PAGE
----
Following Anaximander, Anaximenes claimed that the interaction of observable opposites proved air as the First Cause. Scholar Daniel W. Graham notes:
Using two contrary processes of rarefaction and condensation, Anaximenes explains how air is part of a series of changes. Fire turns to air, air to wind, wind to cloud, cloud to water, water to earth and earth to stone. Matter can travel this path by being condensed, or the reverse path from stones to fire by being successively more rarefied. Anaximenes provides a crude kind of empirical support by appealing to a simple experiment: if one blows on one's hand with the mouth relaxed, the air is hot; if one blows with pursed lips, the air is cold (DK13B1). Hence, according to Anaximenes we see that rarity is correlated with heat (as in fire), and density with coldness, (as in the denser stuffs). (3)
In this way, Anaximenes provided a basis for rational discourse and debate on his claim and laid the groundwork for future scientific inquiry into the nature of existence.
Air as God
Like Thales and Anaximander before him, Anaximenes sought an underlying reason for existence and natural phenomena without appealing to the tradition of supernatural deities as the First Cause but, even so, did not deny the existence of gods. Instead of the gods creating air, along with the other elements, he claimed, air had generated the gods. If this claim is accepted then what, precisely, the gods did is unclear. If the world operated through a succession of rarefaction and condensation, and if this process explained the workings of the universe as a whole, there seems no place in it for supernatural deities.
It seems, however, from the work of later writers, that Anaximenes did find a place for the gods in his theory – what that place was, unfortunately, is unknown. St. Augustine of Hippo (l. 354-430 CE), in his City of God, notes that Anaximenes "did not deny that there were gods, or pass over them in silence; yet he believed not that the air was made by them but rather that they arose from the air" (VIII.ii). Augustine does not elaborate on what a deity's function was after it had so arisen in Anaximenes' world view.
If, however, one interprets Anaximenes' 'air' as an early precursor to Aristotle's Prime Mover, one can find room for gods or a single god. The Prime Mover, according to Aristotle, is the fixed, unchanging source of all that exists, the seen and unseen. In the same way, Anaximenes' air is simply that which causes all else to be but deities might still operate within that process to regulate it. Still, this is view does not seem to fit with the fragments of his work quoted by later writers.
Even though, like the other Milesians, he is never quoted as teaching atheism, there is nothing theistic in any of the extant fragments of his writings nor in any of the references to him by ancient writers. Cicero (l. 106-43 BCE), in his On Nature, notes that "Anaximenes determined that air is a god and that it comes into being and is measureless and infinite and always in motion" (Baird, 13). This statement reflects a philosophy more in keeping with Anaximander's aperion, a worldview which also seems to have had no room in it for gods.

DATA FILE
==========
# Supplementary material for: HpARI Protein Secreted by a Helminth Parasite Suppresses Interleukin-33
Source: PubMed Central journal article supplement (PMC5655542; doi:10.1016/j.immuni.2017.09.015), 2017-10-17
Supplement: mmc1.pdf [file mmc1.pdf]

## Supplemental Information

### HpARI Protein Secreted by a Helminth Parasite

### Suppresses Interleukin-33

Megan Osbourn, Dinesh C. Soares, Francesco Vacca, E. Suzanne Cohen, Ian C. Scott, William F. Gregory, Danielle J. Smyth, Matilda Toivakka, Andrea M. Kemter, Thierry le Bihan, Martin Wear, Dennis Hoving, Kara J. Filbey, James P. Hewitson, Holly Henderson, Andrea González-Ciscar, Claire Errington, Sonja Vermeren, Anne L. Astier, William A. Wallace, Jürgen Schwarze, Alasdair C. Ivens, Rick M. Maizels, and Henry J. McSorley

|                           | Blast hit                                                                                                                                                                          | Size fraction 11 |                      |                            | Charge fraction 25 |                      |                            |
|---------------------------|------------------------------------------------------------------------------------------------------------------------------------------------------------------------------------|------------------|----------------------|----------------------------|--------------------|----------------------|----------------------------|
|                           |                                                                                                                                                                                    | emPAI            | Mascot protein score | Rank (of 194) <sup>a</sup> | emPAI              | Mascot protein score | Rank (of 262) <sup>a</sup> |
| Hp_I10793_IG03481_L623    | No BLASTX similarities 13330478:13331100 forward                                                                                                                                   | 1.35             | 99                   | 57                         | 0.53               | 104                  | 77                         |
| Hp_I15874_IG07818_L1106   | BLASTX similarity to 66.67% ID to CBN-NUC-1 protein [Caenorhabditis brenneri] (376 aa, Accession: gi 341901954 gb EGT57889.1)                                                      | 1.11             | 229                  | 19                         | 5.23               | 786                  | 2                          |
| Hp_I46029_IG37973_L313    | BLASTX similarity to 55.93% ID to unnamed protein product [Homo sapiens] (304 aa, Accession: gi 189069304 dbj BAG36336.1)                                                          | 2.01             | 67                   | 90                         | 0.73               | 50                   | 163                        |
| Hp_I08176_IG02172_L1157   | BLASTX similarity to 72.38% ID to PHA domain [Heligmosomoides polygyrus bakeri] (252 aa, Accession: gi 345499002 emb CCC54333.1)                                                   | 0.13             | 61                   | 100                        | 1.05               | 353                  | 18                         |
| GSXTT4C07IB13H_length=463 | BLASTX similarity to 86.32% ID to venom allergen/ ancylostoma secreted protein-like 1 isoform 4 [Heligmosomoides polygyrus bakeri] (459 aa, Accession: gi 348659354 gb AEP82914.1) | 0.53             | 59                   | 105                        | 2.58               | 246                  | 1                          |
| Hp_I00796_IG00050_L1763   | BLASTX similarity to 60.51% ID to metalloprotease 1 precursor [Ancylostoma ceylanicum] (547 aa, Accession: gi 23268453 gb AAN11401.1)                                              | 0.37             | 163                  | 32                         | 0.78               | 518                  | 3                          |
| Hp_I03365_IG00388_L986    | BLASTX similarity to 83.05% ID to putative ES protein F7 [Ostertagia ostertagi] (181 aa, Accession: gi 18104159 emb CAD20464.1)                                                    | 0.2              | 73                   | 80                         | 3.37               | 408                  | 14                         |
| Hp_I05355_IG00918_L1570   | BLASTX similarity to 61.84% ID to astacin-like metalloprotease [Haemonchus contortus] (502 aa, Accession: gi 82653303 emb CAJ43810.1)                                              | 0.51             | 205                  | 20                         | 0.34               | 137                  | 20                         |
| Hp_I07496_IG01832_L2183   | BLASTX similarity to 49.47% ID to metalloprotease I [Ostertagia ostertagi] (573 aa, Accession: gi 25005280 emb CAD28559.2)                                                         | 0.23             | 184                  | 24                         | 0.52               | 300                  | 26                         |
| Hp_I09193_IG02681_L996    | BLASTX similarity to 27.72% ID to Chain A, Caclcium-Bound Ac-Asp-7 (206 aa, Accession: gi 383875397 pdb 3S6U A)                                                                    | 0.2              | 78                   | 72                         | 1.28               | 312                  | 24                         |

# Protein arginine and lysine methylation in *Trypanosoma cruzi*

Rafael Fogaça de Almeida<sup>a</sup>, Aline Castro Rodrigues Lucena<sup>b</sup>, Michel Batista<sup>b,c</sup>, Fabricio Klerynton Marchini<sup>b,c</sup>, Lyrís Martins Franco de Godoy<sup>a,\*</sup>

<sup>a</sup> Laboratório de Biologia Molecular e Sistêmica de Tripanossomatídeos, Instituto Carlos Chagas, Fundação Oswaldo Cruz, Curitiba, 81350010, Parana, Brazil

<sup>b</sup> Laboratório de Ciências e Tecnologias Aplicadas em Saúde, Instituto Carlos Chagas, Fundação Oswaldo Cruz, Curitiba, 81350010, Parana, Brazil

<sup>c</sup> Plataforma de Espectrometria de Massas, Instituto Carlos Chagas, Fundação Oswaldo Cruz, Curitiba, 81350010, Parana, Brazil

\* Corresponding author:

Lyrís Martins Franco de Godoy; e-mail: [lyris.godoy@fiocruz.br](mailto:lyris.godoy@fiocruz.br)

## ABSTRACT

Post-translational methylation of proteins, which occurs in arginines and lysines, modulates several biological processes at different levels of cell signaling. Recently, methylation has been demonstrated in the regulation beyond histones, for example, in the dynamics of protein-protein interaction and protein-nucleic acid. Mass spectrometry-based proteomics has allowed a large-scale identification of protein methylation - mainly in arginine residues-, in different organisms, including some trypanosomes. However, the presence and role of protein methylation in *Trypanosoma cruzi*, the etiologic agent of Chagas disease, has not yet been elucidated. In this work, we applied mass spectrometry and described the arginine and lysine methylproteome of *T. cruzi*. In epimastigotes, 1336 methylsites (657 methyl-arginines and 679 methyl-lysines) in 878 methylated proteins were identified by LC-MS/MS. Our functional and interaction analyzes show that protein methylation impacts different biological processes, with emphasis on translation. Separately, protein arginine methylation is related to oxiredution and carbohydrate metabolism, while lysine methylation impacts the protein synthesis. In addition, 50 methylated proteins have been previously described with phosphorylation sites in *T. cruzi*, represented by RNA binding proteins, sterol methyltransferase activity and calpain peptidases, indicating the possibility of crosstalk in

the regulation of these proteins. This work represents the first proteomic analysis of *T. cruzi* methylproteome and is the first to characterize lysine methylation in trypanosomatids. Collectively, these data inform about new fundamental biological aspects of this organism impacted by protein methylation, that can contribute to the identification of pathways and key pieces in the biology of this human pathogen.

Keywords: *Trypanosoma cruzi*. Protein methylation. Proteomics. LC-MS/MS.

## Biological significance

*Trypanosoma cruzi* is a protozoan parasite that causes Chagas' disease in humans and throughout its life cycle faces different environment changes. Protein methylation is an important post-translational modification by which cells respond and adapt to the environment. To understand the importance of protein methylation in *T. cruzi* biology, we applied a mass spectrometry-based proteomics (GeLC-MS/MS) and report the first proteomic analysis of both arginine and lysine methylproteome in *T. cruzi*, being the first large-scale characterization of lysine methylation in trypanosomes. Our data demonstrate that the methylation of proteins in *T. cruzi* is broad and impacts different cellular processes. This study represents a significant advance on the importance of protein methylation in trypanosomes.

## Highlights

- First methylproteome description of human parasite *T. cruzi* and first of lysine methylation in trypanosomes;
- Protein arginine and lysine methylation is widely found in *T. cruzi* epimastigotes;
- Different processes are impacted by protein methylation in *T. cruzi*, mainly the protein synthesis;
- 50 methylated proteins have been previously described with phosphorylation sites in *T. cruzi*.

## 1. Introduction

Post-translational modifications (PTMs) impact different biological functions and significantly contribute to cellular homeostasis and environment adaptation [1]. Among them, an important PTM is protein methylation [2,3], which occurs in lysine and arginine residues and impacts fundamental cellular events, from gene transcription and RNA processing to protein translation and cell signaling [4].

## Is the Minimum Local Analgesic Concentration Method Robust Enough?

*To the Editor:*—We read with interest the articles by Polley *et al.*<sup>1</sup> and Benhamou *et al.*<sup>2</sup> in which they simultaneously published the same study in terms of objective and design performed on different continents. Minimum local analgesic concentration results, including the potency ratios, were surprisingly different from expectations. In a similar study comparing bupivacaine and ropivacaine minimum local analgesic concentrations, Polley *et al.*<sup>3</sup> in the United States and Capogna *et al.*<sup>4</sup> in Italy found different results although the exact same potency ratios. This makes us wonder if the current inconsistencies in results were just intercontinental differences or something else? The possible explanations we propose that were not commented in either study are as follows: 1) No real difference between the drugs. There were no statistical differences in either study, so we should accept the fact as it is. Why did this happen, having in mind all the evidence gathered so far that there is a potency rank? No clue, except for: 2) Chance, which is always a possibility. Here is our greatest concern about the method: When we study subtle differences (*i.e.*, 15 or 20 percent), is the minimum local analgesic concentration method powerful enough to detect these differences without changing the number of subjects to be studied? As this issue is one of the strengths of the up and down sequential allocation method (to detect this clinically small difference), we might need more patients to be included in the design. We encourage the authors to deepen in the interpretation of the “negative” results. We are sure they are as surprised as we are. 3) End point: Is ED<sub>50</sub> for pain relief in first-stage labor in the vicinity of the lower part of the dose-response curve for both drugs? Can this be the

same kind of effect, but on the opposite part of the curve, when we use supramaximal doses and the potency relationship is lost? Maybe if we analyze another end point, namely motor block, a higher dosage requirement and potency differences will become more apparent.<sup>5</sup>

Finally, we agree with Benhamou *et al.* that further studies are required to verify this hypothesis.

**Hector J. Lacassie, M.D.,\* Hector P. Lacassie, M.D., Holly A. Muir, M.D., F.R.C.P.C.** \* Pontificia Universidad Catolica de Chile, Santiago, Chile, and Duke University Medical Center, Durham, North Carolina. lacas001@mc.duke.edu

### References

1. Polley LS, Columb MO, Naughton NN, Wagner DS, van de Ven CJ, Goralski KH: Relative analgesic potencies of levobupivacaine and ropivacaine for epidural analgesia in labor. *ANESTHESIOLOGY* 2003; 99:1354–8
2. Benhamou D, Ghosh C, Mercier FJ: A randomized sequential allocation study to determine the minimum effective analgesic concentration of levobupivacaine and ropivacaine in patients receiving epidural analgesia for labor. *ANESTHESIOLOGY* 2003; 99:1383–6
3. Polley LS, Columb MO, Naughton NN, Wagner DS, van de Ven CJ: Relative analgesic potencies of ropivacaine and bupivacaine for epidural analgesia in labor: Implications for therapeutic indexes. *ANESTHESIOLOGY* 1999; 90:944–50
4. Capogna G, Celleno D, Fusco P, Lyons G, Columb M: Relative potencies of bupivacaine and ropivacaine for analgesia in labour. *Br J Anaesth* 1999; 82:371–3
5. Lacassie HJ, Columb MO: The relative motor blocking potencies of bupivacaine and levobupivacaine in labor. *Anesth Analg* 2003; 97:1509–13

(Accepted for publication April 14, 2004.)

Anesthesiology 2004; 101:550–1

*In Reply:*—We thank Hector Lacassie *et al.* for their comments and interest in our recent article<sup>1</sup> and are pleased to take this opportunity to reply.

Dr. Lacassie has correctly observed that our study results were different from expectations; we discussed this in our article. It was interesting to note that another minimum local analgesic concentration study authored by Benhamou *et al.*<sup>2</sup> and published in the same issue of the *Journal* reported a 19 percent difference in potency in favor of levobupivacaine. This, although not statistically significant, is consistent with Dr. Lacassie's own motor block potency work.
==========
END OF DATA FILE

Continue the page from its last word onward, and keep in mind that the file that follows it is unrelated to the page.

Anaximenes' influence was far-reaching and a number of later philosophers took his work as the basis for their own theories on the First Cause. Graham comments:
Anaximenes' theory of successive change of matter by rarefaction and condensation was influential in later theories. It is developed by Heraclitus (DK22B31), and criticized by Parmenides (DK28B8.23-24, 47-48). Anaximenes' general theory of how the materials of the world arise is adopted by Anaxagoras (DK59B16), even though the latter has a very different theory of matter. Both Melissus (DK30B8.3) and Plato (Timaeus 49b-c) see Anaximenes' theory as providing a common-sense explanation of change. Diogenes of Apollonia makes air the basis of his explicitly monistic theory. The Hippocratic treatise On Breath uses air as the central concept in a theory of diseases. By providing cosmological accounts with a theory of change, Anaximenes separated them from the realm of mere speculation and made them, at least in conception, scientific theories capable of testing. (3)
His influence is especially noticeable in the philosophy of the later writer Heraclitus, as noted above, who developed the concept of Flux as a First Cause in and of itself. To Heraclitus, the clash of opposites was the driving life force. In this, Heraclitus unified the Milesian philosophers' theories with Anaximenes as his starting point: like rarefaction and condensation, Flux (change) was observable; like the aperion, it was indefinite and seemingly eternal; and like water, it was unified – always possessing of the same characteristic.
This same basic concept informed the philosophy of Heraclitus' predecessor Pythagoras (l. c. 571 - c. 497 BCE) who claimed that life was an eternal series of transformations between the earthly and immortal states as the soul made its way toward understanding and wholeness through life, death, and reincarnation in various forms. Although Pythagoras was older than Anaximenes, they were contemporaries and it is unknown at what age Pythagoras began his philosophical inquiries. The possibility that Pythagoras was influenced by the work of Anaximenes, therefore, is likely. The theories of Heraclitus, and especially of Pythagoras, would influence the vision of Plato whose philosophy then informed virtually every other philosopher, in one way or another, who came after him.
(Author's Note: Citations DK reference the Diels/Krantz categorization used in Freeman's The Fragments of the Pre-Socratics).